Students should inquire about on-campus therapists first; there is the benefit of convenience, and the therapist will have some insight into the campus culture. Costs should be investigated, and it may be cheaper to work with on-campus therapists. However, students should learn if there are limits as to how many times they can meet before being referred out. Scheduling may also be an issue in between semesters.
Therapists are obligated to provide confidentiality whether they work on or off campus, but students should inquire anyway since there may be concerns regarding confidentiality.
Q: What are some ways to combat the potential fallout that can come from connecting with therapists and then leaving for the summer?
As stated earlier, the therapeutic relationship is built on trust and understanding. Students can become dependent on therapists, and this should be discussed during treatment. In addition, the therapist and student should develop a plan for continuity of care for when students return home. That plan should include psycho-education so that students are more cognizant of their symptoms, with an understanding of when and how to reach out for assistance. As the end of the semester approaches, students and therapists should be working towards termination of the relationship. Students may decide to continue with the therapists upon their return to school, or they may not. In either case, students and therapists should prepare for the termination process. This would include a review of the students’ successes and goals while in therapy and the development of coping strategies while the students are away and have returned home. Taking these steps will help to assuage any possible feelings of rejection.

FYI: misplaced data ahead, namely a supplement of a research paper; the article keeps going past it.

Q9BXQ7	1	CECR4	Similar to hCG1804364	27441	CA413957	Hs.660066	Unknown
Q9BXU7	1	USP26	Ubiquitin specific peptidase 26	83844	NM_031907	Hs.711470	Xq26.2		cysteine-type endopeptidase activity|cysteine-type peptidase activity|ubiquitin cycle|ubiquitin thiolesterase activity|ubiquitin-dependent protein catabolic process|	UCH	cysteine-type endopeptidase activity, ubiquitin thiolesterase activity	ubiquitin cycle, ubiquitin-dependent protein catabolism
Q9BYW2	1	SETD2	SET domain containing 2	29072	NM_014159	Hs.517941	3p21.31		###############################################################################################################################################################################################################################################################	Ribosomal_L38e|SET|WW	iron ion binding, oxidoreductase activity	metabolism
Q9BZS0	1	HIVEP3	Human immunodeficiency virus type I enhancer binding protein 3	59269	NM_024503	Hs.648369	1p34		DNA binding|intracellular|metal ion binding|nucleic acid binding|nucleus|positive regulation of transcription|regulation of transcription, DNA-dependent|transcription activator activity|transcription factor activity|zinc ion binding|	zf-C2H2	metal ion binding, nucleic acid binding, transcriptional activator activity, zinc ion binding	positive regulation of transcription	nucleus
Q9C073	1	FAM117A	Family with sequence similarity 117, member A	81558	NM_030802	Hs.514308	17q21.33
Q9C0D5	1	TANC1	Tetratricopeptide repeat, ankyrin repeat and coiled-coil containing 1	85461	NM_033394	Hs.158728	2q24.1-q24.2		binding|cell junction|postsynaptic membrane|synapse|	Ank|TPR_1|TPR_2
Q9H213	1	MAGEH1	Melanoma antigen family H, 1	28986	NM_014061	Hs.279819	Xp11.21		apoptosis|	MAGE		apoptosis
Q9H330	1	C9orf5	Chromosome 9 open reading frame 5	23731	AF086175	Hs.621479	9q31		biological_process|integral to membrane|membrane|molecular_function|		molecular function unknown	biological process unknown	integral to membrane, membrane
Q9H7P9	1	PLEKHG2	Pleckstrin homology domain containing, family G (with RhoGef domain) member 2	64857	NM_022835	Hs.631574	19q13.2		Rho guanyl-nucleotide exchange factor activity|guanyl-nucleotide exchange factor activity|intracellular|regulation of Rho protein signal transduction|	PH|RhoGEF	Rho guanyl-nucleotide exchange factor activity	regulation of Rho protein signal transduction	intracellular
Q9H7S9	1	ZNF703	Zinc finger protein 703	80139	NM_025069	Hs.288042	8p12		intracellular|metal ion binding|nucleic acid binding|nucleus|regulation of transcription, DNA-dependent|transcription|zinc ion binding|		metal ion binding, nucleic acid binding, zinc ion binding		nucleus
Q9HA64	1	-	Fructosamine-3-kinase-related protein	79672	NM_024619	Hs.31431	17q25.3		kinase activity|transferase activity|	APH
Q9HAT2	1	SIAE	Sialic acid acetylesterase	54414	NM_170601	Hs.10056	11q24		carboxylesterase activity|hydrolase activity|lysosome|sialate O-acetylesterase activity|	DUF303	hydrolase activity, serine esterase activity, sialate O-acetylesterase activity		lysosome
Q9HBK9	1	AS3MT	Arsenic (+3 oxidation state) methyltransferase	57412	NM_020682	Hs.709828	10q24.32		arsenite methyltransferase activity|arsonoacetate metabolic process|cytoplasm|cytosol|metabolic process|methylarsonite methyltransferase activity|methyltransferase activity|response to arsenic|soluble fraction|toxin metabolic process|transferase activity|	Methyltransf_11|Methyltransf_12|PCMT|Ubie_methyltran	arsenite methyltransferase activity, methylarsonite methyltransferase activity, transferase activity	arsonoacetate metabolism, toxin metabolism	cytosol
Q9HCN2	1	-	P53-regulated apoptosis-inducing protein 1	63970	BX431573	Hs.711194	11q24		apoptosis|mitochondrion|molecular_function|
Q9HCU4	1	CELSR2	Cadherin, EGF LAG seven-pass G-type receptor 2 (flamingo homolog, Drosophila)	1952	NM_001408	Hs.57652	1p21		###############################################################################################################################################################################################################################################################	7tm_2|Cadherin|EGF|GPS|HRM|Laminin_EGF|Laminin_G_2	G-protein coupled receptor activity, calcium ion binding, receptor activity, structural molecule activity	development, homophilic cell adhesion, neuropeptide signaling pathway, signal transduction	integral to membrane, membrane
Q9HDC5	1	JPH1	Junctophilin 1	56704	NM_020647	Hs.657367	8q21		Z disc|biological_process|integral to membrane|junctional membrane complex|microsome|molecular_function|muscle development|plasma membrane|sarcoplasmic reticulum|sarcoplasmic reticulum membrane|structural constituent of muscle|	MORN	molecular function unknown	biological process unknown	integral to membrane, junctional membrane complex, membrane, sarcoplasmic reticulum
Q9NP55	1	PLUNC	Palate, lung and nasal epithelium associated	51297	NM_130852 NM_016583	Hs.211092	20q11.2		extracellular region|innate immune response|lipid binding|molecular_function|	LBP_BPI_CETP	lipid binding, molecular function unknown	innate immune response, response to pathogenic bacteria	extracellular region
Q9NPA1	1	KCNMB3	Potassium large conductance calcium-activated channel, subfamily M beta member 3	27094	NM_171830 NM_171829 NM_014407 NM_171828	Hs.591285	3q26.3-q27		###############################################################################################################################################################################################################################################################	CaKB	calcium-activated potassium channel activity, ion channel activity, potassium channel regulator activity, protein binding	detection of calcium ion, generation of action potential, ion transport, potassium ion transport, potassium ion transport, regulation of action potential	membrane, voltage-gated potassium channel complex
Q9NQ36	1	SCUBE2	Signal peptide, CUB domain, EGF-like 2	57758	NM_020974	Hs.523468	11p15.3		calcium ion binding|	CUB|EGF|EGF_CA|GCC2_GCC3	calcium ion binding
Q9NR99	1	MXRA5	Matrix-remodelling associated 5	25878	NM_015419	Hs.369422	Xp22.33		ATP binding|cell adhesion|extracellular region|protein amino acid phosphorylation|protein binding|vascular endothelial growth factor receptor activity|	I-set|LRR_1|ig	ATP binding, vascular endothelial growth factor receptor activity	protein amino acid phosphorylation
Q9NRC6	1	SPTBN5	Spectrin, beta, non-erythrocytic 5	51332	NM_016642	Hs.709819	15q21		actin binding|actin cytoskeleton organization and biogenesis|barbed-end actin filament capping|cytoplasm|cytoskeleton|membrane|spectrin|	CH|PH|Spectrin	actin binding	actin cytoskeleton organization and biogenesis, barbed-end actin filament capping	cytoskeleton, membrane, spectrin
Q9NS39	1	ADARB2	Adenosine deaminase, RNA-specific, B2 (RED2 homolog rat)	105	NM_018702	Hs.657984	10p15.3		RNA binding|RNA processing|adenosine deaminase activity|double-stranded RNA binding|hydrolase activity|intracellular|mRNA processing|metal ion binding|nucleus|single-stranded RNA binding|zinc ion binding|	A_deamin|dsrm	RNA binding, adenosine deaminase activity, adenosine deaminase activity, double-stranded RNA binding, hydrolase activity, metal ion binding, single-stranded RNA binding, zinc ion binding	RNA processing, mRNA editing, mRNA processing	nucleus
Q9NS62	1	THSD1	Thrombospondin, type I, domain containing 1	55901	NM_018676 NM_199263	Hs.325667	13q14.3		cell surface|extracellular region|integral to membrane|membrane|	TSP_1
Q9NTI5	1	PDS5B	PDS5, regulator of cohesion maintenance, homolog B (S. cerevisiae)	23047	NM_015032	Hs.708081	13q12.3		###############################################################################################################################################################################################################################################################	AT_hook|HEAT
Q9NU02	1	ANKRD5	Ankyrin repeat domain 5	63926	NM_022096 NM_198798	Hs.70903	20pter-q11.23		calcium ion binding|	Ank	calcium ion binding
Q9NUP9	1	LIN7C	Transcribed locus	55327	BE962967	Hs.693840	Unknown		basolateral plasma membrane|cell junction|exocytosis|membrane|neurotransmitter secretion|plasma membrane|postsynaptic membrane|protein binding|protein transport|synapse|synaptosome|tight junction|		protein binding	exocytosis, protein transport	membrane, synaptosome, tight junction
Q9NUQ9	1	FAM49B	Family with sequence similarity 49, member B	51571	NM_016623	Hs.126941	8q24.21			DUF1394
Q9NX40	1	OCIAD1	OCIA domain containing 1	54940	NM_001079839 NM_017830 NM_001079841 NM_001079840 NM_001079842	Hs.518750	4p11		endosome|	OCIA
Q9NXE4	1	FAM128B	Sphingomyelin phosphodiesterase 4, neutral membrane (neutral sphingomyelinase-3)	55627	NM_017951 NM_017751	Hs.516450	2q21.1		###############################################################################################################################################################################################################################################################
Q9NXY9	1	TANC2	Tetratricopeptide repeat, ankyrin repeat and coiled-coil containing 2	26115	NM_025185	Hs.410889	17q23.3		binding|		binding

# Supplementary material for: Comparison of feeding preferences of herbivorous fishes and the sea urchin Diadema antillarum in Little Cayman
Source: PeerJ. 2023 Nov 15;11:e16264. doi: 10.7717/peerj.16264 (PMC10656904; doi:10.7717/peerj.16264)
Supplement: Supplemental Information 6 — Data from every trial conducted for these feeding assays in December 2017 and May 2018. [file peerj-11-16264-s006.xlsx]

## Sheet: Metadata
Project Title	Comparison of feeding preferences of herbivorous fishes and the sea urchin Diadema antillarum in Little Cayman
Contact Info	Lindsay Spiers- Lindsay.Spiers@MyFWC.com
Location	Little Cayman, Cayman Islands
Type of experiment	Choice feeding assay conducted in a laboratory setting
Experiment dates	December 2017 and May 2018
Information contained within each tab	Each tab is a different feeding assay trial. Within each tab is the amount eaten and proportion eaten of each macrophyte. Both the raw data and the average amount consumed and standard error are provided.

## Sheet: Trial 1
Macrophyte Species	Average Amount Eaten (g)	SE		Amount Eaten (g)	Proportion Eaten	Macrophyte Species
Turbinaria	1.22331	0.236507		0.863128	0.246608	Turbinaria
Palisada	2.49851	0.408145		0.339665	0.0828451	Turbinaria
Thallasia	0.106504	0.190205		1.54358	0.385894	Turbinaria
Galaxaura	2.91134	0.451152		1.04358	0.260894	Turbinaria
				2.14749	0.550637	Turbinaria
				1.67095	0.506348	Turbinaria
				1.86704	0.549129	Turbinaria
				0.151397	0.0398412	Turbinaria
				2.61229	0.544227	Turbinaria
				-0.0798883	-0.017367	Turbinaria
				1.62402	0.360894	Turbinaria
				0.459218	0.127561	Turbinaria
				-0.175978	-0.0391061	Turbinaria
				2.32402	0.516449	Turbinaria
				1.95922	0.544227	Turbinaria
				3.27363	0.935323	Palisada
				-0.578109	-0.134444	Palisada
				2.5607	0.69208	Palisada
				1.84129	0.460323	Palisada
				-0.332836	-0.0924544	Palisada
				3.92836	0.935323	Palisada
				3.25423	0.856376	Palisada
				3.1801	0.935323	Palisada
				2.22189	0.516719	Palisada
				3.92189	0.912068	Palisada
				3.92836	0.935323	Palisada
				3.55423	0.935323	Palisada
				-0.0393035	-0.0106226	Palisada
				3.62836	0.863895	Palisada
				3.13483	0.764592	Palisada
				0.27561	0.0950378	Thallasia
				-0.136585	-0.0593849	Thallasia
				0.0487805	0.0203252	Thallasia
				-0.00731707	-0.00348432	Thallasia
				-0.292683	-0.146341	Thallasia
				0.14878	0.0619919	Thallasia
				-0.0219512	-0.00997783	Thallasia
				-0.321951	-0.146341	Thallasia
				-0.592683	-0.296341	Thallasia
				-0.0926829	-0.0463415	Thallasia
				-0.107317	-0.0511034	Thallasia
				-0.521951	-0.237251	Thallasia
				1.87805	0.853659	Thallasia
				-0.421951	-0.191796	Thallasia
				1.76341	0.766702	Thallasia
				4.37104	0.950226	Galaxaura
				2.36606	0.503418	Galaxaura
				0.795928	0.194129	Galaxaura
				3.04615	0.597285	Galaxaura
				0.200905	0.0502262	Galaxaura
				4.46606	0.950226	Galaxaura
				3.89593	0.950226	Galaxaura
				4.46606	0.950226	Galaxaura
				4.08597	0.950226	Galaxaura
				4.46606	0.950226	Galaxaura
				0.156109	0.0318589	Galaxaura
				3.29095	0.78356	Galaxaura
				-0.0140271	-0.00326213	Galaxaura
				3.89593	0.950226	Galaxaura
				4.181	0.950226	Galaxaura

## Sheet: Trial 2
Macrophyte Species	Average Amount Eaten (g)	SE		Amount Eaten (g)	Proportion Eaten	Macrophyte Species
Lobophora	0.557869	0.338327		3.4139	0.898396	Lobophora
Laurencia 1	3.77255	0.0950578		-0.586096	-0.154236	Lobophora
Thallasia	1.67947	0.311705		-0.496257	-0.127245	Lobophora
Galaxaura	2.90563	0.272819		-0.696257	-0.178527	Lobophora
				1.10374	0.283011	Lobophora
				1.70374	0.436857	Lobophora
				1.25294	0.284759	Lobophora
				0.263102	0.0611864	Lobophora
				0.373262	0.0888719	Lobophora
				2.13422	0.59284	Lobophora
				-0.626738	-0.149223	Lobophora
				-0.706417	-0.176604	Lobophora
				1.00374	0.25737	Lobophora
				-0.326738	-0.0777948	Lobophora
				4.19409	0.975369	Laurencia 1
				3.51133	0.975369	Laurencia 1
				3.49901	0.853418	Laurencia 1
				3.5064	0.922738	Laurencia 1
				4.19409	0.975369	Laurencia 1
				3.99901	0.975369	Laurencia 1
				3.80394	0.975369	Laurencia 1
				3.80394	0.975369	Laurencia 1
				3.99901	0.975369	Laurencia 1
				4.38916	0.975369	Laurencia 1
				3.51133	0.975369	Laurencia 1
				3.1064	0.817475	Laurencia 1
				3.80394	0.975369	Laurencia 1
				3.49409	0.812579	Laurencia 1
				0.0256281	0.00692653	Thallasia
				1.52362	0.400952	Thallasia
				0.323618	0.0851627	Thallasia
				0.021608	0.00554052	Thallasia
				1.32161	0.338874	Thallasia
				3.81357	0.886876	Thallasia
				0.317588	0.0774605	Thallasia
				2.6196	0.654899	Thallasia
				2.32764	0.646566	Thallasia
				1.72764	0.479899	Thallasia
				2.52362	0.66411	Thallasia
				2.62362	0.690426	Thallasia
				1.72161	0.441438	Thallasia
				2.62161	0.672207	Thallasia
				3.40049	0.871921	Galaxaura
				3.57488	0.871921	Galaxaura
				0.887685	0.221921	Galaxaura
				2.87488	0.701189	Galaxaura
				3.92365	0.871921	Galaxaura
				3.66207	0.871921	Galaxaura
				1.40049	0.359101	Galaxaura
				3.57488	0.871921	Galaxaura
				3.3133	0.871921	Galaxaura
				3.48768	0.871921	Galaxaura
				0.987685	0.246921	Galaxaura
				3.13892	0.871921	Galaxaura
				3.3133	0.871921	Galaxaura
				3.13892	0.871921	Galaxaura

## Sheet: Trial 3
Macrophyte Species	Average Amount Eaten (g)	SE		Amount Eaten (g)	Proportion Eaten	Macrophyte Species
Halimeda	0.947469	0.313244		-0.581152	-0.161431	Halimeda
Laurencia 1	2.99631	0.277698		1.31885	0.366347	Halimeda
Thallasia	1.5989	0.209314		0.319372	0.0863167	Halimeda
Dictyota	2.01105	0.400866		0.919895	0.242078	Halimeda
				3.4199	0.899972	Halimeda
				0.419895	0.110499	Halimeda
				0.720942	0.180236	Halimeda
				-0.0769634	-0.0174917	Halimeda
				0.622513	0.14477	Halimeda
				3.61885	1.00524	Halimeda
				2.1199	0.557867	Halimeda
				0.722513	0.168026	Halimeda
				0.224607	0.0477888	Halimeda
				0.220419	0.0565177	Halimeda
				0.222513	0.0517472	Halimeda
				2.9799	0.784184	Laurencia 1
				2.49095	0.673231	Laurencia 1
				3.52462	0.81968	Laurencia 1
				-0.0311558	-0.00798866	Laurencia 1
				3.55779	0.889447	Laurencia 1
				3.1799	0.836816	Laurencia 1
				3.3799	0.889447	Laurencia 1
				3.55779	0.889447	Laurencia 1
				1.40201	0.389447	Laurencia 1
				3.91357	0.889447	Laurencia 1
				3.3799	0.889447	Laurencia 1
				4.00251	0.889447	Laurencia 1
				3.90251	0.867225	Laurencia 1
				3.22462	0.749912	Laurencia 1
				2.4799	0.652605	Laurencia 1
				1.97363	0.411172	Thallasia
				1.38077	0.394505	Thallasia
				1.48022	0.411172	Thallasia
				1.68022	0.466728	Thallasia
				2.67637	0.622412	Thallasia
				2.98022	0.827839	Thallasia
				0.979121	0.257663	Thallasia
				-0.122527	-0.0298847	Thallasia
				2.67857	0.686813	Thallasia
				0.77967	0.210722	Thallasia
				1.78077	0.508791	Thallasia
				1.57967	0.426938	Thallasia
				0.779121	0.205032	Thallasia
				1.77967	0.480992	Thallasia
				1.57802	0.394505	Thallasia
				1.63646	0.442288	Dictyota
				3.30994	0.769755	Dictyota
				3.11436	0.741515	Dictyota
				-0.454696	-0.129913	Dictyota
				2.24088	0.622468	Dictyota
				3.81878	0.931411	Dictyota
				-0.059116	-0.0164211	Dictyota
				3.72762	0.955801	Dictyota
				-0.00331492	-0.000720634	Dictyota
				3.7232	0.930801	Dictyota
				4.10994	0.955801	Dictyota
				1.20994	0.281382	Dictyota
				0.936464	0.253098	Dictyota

Q: In my research, I’ve found that a lot of colleges offer support programs for students on the spectrum. Some seem to be more focused on group therapy facilitated by school therapists while others are more like get-togethers for students, their friends, and family. What do you think of these? Do you think they’re beneficial? Could they replace traditional one-on-one therapy?